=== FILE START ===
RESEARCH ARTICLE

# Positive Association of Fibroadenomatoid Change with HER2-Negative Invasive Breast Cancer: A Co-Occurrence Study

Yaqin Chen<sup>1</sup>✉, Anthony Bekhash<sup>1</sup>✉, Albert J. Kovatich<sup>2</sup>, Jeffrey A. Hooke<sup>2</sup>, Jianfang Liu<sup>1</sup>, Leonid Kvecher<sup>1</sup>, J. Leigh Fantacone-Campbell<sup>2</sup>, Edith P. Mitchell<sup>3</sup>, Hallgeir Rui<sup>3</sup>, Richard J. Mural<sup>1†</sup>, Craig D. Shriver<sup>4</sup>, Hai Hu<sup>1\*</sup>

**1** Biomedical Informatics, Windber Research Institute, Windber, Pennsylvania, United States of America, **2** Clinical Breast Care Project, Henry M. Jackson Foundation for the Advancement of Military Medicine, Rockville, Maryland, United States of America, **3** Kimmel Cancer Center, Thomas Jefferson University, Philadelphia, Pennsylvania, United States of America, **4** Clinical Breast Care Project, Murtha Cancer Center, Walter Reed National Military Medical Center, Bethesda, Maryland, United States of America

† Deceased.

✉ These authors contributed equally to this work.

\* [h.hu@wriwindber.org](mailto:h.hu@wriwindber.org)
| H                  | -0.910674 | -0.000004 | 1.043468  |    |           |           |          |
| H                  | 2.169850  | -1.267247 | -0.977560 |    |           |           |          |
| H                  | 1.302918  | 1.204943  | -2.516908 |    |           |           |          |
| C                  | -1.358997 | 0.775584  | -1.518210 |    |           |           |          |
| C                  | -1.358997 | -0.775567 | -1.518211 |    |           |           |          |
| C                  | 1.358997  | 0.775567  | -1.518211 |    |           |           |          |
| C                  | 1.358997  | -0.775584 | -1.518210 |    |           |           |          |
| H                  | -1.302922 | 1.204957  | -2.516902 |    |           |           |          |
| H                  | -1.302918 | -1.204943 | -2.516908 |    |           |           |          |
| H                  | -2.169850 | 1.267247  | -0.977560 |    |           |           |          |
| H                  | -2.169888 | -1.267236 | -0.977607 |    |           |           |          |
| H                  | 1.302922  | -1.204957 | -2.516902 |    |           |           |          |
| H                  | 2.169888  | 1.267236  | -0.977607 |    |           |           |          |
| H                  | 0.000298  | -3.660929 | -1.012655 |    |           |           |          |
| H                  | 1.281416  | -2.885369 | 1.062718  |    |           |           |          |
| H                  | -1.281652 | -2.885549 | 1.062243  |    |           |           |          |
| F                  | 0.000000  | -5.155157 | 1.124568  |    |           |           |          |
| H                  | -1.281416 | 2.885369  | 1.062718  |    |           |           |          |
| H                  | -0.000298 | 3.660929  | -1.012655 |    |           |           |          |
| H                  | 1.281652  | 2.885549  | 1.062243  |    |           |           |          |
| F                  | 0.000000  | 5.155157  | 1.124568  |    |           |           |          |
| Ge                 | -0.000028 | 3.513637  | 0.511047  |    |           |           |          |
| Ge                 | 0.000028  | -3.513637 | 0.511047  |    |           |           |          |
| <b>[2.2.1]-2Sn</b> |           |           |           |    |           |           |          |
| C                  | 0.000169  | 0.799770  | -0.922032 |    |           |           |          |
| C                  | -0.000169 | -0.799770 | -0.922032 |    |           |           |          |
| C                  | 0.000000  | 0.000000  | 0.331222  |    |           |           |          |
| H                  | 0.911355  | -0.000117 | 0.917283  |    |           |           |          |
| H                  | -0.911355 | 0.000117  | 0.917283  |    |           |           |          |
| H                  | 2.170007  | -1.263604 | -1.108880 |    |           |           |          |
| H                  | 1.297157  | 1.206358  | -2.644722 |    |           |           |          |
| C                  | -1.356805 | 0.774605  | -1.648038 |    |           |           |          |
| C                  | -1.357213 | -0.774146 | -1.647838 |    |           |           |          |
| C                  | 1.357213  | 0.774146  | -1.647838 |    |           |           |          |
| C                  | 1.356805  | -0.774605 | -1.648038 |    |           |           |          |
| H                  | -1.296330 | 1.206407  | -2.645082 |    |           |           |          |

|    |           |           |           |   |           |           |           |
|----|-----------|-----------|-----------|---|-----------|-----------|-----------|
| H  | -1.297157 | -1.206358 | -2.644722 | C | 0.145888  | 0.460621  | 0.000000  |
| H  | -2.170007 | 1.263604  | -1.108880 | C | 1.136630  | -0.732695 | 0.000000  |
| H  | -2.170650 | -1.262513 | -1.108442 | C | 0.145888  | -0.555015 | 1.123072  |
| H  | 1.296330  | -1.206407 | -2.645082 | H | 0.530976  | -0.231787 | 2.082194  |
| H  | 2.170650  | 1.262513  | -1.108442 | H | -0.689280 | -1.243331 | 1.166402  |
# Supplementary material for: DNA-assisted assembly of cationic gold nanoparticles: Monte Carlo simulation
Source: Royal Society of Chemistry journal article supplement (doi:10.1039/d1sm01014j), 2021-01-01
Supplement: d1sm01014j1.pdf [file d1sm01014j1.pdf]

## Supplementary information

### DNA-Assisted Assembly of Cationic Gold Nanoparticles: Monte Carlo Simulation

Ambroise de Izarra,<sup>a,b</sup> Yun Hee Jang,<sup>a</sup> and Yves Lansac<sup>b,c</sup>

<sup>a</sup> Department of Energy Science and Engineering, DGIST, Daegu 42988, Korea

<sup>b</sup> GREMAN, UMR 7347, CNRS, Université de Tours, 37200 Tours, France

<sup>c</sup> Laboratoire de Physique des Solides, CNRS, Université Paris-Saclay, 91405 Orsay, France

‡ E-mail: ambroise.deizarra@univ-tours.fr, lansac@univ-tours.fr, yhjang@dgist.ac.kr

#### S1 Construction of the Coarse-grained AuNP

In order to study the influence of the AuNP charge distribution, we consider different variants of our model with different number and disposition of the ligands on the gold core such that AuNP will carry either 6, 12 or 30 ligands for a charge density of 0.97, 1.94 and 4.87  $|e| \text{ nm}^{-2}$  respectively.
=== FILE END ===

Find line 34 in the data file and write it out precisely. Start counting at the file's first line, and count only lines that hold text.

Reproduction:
| C                  | 0.000000  | 0.000000  | 0.331222  |    |           |           |          |